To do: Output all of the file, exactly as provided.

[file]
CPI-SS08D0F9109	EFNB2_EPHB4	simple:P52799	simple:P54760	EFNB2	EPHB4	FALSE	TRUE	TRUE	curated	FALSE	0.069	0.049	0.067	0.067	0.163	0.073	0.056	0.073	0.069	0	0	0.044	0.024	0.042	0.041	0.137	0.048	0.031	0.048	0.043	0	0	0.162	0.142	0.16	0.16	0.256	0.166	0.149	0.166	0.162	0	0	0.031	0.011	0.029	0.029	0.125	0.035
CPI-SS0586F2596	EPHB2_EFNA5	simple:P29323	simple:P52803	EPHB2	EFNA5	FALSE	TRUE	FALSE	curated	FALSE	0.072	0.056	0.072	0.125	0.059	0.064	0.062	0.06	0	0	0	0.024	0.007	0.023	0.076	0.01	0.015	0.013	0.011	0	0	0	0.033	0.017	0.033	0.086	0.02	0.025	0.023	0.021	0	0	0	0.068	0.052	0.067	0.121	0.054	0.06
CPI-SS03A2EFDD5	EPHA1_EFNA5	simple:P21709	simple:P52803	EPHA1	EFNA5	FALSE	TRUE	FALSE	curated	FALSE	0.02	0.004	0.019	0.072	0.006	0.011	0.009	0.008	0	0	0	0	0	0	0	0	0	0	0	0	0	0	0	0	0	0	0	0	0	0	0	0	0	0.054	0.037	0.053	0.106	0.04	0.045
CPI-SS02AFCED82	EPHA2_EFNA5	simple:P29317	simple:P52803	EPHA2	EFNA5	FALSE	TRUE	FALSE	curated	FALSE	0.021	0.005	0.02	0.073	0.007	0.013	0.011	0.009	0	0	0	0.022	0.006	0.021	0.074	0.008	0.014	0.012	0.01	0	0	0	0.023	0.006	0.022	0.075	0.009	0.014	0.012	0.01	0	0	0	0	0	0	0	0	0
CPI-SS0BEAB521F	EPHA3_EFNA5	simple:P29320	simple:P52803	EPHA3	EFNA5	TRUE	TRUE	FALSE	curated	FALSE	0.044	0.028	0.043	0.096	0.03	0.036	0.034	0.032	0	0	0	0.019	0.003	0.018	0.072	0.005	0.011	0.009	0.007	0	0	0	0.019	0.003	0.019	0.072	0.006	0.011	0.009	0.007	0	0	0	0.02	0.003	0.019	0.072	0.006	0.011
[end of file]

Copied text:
CPI-SS08D0F9109	EFNB2_EPHB4	simple:P52799	simple:P54760	EFNB2	EPHB4	FALSE	TRUE	TRUE	curated	FALSE	0.069	0.049	0.067	0.067	0.163	0.073	0.056	0.073	0.069	0	0	0.044	0.024	0.042	0.041	0.137	0.048	0.031	0.048	0.043	0	0	0.162	0.142	0.16	0.16	0.256	0.166	0.149	0.166	0.162	0	0	0.031	0.011	0.029	0.029	0.125	0.035
CPI-SS0586F2596	EPHB2_EFNA5	simple:P29323	simple:P52803	EPHB2	EFNA5	FALSE	TRUE	FALSE	curated	FALSE	0.072	0.056	0.072	0.125	0.059	0.064	0.062	0.06	0	0	0	0.024	0.007	0.023	0.076	0.01	0.015	0.013	0.011	0	0	0	0.033	0.017	0.033	0.086	0.02	0.025	0.023	0.021	0	0	0	0.068	0.052	0.067	0.121	0.054	0.06
CPI-SS03A2EFDD5	EPHA1_EFNA5	simple:P21709	simple:P52803	EPHA1	EFNA5	FALSE	TRUE	FALSE	curated	FALSE	0.02	0.004	0.019	0.072	0.006	0.011	0.009	0.008	0	0	0	0	0	0	0	0	0	0	0	0	0	0	0	0	0	0	0	0	0	0	0	0	0	0.054	0.037	0.053	0.106	0.04	0.045
CPI-SS02AFCED82	EPHA2_EFNA5	simple:P29317	simple:P52803	EPHA2	EFNA5	FALSE	TRUE	FALSE	curated	FALSE	0.021	0.005	0.02	0.073	0.007	0.013	0.011	0.009	0	0	0	0.022	0.006	0.021	0.074	0.008	0.014	0.012	0.01	0	0	0	0.023	0.006	0.022	0.075	0.009	0.014	0.012	0.01	0	0	0	0	0	0	0	0	0
CPI-SS0BEAB521F	EPHA3_EFNA5	simple:P29320	simple:P52803	EPHA3	EFNA5	TRUE	TRUE	FALSE	curated	FALSE	0.044	0.028	0.043	0.096	0.03	0.036	0.034	0.032	0	0	0	0.019	0.003	0.018	0.072	0.005	0.011	0.009	0.007	0	0	0	0.019	0.003	0.019	0.072	0.006	0.011	0.009	0.007	0	0	0	0.02	0.003	0.019	0.072	0.006	0.011